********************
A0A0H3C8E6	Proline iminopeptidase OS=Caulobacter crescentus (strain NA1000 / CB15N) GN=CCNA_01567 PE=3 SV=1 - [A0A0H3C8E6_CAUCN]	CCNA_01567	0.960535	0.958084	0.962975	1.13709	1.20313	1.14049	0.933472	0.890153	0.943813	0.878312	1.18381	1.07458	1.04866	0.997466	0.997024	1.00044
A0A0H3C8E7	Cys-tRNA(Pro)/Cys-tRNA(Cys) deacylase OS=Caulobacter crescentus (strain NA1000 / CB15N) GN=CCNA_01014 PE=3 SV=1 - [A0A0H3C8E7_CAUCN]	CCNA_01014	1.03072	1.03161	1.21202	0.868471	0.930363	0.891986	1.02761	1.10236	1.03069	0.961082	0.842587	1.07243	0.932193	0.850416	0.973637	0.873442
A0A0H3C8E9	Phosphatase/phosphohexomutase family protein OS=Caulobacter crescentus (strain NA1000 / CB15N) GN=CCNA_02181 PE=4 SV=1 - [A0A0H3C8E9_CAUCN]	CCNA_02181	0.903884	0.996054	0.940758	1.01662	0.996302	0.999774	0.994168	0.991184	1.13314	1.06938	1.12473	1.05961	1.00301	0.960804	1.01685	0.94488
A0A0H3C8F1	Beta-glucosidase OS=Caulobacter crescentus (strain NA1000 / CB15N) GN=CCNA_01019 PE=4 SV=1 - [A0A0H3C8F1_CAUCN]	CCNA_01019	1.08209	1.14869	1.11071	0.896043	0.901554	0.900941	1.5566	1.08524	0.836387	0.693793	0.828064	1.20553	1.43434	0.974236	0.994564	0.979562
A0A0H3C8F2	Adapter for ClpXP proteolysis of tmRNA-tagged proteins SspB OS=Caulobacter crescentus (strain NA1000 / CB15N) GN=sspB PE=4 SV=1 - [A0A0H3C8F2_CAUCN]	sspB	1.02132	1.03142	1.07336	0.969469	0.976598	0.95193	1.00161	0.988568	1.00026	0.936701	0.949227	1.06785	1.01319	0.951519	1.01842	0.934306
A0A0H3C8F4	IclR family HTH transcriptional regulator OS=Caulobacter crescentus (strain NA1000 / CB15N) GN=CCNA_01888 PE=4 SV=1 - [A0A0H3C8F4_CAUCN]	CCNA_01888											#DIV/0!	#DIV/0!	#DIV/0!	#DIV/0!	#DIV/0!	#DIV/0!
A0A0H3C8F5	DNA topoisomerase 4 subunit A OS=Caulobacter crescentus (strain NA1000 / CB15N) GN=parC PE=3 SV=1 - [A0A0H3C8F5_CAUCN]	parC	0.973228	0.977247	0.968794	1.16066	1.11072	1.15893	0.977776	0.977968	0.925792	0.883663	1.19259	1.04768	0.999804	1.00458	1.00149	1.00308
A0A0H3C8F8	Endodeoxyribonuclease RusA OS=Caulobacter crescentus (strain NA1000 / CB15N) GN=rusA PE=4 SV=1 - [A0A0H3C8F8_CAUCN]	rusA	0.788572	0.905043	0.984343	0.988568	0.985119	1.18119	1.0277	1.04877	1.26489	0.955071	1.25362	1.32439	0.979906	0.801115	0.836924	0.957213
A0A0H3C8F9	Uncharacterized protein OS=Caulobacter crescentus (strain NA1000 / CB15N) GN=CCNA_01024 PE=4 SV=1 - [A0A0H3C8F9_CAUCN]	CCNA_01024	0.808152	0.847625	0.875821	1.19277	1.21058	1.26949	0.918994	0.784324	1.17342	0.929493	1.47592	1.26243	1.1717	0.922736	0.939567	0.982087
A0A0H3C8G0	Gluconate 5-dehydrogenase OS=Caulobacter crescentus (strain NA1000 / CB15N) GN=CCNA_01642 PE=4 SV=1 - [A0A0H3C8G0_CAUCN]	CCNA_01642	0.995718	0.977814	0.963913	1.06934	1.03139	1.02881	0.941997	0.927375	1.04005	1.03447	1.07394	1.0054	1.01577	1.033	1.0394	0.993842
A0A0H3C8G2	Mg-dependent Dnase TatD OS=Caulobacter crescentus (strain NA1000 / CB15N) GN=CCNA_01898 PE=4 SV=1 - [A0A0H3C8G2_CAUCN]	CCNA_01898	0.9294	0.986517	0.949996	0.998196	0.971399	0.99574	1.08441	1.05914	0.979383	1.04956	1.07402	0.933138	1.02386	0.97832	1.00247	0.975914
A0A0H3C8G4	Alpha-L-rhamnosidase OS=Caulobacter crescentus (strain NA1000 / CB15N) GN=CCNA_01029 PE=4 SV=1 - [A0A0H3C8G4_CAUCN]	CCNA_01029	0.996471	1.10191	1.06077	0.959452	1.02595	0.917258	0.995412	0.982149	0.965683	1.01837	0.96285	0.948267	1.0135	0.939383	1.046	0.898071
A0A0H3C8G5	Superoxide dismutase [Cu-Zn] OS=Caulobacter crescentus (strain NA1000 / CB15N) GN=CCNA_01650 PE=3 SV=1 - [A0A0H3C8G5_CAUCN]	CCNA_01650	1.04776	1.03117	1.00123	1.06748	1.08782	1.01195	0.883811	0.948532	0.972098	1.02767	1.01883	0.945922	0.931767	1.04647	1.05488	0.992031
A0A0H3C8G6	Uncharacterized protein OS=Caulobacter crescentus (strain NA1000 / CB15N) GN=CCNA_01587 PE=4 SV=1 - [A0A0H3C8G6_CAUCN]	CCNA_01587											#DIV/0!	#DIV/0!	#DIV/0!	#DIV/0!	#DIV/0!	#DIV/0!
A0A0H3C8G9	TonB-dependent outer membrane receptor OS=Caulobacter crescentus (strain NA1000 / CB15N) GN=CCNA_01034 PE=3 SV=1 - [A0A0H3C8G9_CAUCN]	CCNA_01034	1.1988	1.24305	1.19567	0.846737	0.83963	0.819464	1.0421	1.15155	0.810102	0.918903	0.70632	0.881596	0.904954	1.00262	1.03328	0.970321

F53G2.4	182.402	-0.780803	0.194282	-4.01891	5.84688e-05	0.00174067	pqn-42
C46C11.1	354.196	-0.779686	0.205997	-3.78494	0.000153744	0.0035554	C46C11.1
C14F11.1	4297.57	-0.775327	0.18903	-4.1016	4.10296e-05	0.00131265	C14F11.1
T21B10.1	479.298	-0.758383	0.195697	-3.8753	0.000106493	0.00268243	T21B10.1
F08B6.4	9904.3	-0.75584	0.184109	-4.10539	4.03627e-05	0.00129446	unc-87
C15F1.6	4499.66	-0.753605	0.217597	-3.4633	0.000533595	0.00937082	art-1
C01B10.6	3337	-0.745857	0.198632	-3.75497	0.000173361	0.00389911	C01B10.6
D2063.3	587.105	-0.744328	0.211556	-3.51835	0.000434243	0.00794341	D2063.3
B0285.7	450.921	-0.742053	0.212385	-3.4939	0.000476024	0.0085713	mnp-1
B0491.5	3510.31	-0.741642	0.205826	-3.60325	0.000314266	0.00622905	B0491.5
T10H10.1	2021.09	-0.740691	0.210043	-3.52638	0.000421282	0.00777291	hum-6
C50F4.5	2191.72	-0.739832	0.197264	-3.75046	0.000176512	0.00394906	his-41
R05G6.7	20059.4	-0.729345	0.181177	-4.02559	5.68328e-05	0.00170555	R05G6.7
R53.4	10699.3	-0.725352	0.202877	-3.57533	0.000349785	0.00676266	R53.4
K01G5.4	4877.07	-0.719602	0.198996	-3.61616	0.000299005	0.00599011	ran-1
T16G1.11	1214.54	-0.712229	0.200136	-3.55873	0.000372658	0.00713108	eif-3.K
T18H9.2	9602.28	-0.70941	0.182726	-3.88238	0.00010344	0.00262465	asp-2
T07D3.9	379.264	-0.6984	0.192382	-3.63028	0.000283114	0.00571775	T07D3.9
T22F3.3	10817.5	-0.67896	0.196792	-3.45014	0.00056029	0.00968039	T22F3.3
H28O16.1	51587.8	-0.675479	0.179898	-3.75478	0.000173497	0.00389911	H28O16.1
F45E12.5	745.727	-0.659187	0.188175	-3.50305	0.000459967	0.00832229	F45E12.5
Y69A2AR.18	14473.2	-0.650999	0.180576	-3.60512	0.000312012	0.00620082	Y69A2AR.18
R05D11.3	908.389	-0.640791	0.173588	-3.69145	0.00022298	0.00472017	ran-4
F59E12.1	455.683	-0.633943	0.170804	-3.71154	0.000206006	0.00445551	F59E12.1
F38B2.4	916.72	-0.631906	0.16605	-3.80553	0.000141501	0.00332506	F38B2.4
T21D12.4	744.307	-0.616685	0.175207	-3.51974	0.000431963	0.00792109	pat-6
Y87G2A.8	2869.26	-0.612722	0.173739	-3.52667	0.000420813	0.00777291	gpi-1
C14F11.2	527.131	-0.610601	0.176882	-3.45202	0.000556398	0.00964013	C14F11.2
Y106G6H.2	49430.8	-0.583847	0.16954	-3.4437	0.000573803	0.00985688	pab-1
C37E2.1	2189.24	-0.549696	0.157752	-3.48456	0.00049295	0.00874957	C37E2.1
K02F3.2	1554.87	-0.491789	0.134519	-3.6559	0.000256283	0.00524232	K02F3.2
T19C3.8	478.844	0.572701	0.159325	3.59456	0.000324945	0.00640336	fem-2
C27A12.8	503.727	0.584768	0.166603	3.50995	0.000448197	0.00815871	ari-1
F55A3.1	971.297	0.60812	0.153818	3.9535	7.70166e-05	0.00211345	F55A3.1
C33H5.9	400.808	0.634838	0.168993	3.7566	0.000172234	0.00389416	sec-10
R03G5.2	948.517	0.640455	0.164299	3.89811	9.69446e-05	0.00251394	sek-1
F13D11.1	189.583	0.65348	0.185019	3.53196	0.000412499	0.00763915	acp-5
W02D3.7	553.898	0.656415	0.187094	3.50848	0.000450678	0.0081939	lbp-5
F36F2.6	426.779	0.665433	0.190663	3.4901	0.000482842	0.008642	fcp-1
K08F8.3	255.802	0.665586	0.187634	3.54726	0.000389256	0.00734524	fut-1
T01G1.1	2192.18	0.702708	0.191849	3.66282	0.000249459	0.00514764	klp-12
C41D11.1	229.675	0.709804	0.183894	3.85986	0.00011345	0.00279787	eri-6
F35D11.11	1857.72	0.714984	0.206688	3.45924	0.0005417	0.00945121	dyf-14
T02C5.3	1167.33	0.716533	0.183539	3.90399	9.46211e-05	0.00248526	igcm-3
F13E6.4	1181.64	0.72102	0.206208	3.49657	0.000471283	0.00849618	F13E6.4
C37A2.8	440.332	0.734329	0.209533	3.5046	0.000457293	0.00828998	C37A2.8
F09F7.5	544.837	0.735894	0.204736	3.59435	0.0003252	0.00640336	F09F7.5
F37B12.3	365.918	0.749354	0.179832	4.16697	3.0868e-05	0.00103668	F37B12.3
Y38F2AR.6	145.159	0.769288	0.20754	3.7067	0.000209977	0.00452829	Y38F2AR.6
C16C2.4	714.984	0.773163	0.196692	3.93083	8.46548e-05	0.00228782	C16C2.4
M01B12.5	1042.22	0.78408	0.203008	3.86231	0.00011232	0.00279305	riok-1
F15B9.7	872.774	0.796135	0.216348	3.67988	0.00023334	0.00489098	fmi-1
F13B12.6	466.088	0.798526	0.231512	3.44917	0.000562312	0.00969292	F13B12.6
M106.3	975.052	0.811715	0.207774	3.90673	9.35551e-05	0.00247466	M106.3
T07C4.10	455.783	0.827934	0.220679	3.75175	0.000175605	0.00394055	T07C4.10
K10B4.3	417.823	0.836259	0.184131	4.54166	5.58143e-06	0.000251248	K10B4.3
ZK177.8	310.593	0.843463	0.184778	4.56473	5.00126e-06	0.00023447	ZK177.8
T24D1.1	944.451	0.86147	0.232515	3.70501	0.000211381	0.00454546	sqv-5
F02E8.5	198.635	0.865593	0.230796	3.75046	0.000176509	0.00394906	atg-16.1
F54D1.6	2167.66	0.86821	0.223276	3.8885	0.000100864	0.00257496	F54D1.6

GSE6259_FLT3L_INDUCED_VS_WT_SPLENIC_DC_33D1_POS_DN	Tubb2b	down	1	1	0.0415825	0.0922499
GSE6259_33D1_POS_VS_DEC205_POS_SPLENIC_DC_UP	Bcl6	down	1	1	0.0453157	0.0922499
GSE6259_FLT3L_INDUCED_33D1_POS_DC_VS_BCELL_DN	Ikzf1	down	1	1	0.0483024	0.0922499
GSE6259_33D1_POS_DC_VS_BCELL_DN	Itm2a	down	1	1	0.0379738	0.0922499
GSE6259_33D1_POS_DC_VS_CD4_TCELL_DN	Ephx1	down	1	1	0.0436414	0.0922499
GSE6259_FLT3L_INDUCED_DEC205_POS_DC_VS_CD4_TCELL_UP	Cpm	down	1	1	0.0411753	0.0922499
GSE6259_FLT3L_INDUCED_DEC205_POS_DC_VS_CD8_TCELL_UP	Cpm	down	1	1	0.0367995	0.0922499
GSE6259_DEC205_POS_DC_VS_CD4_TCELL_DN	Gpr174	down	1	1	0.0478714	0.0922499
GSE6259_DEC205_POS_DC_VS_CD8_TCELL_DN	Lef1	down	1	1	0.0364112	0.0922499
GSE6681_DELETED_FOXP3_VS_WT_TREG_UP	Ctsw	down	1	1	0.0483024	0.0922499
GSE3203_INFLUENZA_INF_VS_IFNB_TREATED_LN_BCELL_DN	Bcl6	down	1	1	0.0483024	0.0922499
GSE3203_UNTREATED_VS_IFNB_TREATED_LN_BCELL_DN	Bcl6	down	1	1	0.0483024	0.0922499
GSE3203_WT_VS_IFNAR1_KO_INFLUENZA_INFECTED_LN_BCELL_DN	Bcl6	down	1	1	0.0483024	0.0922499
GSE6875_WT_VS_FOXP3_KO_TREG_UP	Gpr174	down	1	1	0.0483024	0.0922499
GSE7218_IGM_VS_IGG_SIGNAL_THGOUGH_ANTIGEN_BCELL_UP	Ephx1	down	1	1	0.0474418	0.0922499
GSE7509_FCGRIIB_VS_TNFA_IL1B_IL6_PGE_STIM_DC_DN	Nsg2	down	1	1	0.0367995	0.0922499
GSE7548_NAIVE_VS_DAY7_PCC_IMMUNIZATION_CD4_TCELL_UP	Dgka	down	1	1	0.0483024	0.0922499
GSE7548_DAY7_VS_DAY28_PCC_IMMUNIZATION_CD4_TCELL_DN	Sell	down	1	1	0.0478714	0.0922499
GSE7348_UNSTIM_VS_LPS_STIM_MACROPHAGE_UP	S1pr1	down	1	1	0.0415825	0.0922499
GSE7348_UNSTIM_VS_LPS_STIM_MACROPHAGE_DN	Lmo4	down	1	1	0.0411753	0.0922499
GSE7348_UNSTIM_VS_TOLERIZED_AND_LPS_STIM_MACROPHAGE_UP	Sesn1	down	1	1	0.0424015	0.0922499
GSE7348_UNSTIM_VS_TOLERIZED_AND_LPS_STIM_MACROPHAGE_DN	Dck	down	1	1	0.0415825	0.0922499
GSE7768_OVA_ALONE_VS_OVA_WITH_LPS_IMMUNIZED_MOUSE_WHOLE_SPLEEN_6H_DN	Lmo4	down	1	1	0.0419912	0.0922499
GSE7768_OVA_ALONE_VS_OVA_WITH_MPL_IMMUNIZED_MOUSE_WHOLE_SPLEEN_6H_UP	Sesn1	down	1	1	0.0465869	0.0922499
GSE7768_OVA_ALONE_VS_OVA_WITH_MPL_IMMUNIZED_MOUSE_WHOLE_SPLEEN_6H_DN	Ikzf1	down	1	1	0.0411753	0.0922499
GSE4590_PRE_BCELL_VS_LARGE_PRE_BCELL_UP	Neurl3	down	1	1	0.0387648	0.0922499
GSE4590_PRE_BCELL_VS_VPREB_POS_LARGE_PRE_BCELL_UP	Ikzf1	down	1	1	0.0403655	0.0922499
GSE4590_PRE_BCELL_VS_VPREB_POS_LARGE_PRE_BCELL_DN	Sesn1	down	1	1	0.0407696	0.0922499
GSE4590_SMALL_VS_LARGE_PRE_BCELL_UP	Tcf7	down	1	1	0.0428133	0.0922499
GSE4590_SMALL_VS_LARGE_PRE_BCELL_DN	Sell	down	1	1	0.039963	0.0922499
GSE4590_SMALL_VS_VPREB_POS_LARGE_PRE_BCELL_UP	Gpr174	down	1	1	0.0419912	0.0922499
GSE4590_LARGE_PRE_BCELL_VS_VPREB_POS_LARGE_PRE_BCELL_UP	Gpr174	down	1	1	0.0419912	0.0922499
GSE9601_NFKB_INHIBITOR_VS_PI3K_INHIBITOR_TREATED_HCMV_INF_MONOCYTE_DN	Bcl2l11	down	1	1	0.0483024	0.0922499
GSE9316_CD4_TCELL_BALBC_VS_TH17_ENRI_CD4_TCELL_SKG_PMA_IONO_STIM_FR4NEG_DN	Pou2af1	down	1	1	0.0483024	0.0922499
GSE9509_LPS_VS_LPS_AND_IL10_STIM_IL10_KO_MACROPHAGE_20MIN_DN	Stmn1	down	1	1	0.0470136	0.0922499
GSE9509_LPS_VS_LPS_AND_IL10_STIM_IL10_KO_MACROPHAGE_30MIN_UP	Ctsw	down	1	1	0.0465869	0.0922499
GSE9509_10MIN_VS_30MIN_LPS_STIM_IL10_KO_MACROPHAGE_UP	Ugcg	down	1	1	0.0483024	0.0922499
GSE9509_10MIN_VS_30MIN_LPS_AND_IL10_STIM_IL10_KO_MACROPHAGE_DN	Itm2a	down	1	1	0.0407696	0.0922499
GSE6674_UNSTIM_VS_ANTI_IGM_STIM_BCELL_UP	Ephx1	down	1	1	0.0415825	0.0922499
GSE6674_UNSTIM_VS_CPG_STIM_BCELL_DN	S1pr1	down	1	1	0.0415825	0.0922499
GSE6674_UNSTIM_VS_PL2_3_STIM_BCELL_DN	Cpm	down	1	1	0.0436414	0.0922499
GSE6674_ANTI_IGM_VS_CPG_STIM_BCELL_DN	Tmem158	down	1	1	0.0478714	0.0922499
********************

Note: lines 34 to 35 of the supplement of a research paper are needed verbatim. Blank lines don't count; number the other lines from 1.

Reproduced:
T22F3.3	10817.5	-0.67896	0.196792	-3.45014	0.00056029	0.00968039	T22F3.3
H28O16.1	51587.8	-0.675479	0.179898	-3.75478	0.000173497	0.00389911	H28O16.1